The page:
Data distribution and SQL Plans

This post has been republished via RSS; it originally appeared at: Running SAP Applications on the Microsoft Platform articles.

First published on MSDN on Oct 09, 2015

For customers of SAP (and others) it is very important that the runtime of the different reports or programs is predictable, fast and stable. From time to time it happens that former fast query executions deteriorate in their runtime and need much more time than before. For most of the customers it is totally unclear why this happens and what the root may be. In this blog I will try to describe how changing query runtimes can be explained by uneven data distribution and query compilation.

SQL Server, like most other DBMS, is caching query plans to reduce the CPU and memory overhead of compiling statements. The cache that is used for the plans is called plan, statement or procedure cache. A plan of a query is compiled and stored when the query is executed the first time. The SQL Server optimizer will create the access plan based on the given parameters for the WHERE clause of the first execution of the query. This cached plan then has to used for all subsequent executions of the same query, independently of the parameter sets of the subsequent executions. So the values of the first execution parameters determine the plan efficiency of the first and all subsequent executions.

I'd like to discuss the underlying problem with an easy example. I set up a table named ORDERS with customer orders. It has only 7 columns

a primary key (ORDERNUMBER) and three nonclustered indexes, one for CUSTOMER_ID alone, one for CUSTOMER_ID with ITEMS and one for CUSTOMER_ID with REGION.

Side Note: This set of indexes is not fully optimized as the ORDERS_NC_CUSTOMER_ID index is redundant, as both the ORDERS_NC_ITEMS or ORDERS_NC_REGION can be used for the same purpose (searching for CUSTOMER_ID only). The indexes are only created to show the problem more clearly. In general the order of the columns in an index should follow their selectivity, starting with the most selective filed at the beginning down to the least selective field at the end.

I inserted 160.000 rows with fictional orders of 20 customers. They all have more or less the same amount of orders (around 4.700 orders each), only the customer with the ID number of 2 has only 250 orders and the busy customer with ID = 15 has 76000 orders. The graph of the distribution looks like:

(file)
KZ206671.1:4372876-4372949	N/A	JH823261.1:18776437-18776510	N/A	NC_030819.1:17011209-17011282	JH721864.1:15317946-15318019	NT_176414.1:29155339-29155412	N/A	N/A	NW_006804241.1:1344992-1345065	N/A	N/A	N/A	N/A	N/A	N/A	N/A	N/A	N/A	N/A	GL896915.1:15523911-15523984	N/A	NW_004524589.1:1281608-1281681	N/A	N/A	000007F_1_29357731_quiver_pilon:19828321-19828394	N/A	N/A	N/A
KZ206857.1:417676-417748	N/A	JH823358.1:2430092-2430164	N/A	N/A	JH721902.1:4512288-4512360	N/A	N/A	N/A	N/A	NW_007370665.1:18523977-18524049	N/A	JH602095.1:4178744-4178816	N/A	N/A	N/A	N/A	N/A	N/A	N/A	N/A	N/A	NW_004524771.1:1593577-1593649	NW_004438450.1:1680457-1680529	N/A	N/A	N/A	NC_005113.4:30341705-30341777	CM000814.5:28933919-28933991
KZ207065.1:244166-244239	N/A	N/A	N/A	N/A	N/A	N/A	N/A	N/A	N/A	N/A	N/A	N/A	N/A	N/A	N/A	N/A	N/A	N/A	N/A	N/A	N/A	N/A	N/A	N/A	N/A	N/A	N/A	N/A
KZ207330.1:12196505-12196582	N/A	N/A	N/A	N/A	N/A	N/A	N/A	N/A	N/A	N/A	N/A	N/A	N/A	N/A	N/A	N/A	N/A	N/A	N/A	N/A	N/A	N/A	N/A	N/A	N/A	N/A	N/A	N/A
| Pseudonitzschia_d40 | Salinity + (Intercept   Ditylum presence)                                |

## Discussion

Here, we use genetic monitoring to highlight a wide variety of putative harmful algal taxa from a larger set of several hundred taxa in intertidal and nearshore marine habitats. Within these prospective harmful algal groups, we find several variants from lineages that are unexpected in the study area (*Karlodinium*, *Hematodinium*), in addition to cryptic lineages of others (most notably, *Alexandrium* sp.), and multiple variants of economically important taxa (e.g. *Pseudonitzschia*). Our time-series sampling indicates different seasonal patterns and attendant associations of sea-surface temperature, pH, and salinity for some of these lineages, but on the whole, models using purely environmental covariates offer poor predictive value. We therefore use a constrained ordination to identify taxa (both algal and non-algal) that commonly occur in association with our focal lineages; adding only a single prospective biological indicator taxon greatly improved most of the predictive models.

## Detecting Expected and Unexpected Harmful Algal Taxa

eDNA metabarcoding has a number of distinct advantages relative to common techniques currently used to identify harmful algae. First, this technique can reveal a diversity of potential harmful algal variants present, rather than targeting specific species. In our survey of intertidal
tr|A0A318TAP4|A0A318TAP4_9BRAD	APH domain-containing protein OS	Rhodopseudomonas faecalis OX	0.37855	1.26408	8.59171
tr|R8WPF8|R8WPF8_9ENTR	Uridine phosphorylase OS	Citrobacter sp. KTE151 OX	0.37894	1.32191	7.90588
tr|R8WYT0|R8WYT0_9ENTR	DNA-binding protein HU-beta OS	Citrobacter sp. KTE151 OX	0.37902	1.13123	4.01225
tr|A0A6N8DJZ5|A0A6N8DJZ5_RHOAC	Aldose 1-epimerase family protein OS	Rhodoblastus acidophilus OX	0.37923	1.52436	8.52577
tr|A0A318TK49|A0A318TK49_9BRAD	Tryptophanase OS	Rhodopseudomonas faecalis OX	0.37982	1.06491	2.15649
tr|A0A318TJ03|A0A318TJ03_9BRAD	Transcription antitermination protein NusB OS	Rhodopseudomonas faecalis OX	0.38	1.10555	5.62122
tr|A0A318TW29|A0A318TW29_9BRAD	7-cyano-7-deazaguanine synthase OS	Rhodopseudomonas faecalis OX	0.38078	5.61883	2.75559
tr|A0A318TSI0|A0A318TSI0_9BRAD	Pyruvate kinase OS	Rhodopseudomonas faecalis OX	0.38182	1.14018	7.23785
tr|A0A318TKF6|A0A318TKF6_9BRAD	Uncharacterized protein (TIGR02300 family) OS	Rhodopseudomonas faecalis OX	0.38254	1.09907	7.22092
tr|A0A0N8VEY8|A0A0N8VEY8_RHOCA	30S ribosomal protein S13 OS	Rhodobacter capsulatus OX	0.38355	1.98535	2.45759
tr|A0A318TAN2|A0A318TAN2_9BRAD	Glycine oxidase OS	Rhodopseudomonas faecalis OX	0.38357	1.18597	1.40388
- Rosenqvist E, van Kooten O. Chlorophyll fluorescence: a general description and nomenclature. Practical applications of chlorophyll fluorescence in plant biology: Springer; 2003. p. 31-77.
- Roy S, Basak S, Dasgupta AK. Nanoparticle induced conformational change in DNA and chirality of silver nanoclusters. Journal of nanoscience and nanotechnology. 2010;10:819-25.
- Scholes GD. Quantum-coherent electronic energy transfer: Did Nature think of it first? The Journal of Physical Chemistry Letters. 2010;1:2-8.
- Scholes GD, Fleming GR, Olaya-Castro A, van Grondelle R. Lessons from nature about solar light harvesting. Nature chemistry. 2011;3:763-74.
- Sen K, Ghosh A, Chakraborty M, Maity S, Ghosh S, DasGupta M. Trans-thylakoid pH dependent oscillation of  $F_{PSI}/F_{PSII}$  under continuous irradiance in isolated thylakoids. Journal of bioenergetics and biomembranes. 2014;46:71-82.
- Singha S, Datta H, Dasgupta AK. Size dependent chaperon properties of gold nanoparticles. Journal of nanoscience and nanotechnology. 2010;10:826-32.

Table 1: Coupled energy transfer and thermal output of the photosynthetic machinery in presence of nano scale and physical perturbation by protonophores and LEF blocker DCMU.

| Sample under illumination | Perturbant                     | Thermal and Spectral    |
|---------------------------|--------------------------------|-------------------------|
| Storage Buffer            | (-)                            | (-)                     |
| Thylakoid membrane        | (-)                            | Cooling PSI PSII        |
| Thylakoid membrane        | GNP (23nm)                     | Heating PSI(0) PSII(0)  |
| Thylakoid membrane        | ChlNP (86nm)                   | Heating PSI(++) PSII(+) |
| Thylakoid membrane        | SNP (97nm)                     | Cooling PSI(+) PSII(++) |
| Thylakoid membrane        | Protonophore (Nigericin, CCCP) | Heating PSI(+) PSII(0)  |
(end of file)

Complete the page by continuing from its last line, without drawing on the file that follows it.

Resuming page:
This will be our starting point. As SAP uses at least since version 640 prepared statements for the access to the data in SQL Server databases, I'm using simple and prepared statements to select from this table:


It is searching for an CUSTOMER_ID and will give back the REGION and ITEMS of this customer. The complete execution looks like:

DBCC FREEPROCCACHE -- Clear the cache so that we get a new plan every time (only for testing)
EXEC sp_unprepare @P1 ;

Setting @P1 either to 2 (for the small customer), to 15 (for the busy customer with many orders) or to any other ID (e.g. 12), we might see different plans of the SQL Server to get the data. I ran all three execution in one batch to see the relative cost of each statement compared to the other two.

Lets get started with ID = 12, one of the normal customers with an average amount of orders. As we have an index on CUSTOMER_ID and we are selecting only roughly 4.700 rows out of 160.000 rows (2,9 %) we could expect that the optimizer will use an index.

SQL Server is choosing two index intersections with a Hash Match, the first between the ITEMS and the CUSTOMER_ID index and with resulting row set with the REGION index. The cost of this query was 27 % out of 100 % for all three queries (CUSTOMER_ID = 2,12 and 15), so this query is cheaper as the expected average of 33 %.

In this plan SQL Server gives us an index recommendation to speed up this statement. The recommended index has the CUSTOMER_ID as the only key column, but includes the REGION and ITEMS as an included fields. This would avoid the lookup of the rows to get the REGION and ITEMS, as they would be included in the index directly. SAP supports included columns in index definitions.

This was a fairly complex plan for customer 12, so what can we expect from the big customer (number 15)?

SQL Server was choosing a full table scan to retrieve the data, as we are selecting 74.000 rows out of 160.000 rows (46 %). Therefore the SQL Server is choosing the primary key as he has to retrieve REGION and ITEMS from the table and none of the indexes contain both columns. The cost of the query lies at 70 %, what was expected due to the table scan. This query would benefit from the recommended index as well, as the SQL Server then has to scan only the smaller index instead of the complete table. The tipping point between an Index Seek and a Table Scan lies somewhere between 2-5 % of the rows of the table. If SQL Server estimates more that this amount of rows to be returned, it will perform more likely a table scan. If there are less rows an Index Seek or Index Range Scan is more likely. There are many other factors beside the amount of rows that are considered by SQL Server when the plan is compiled.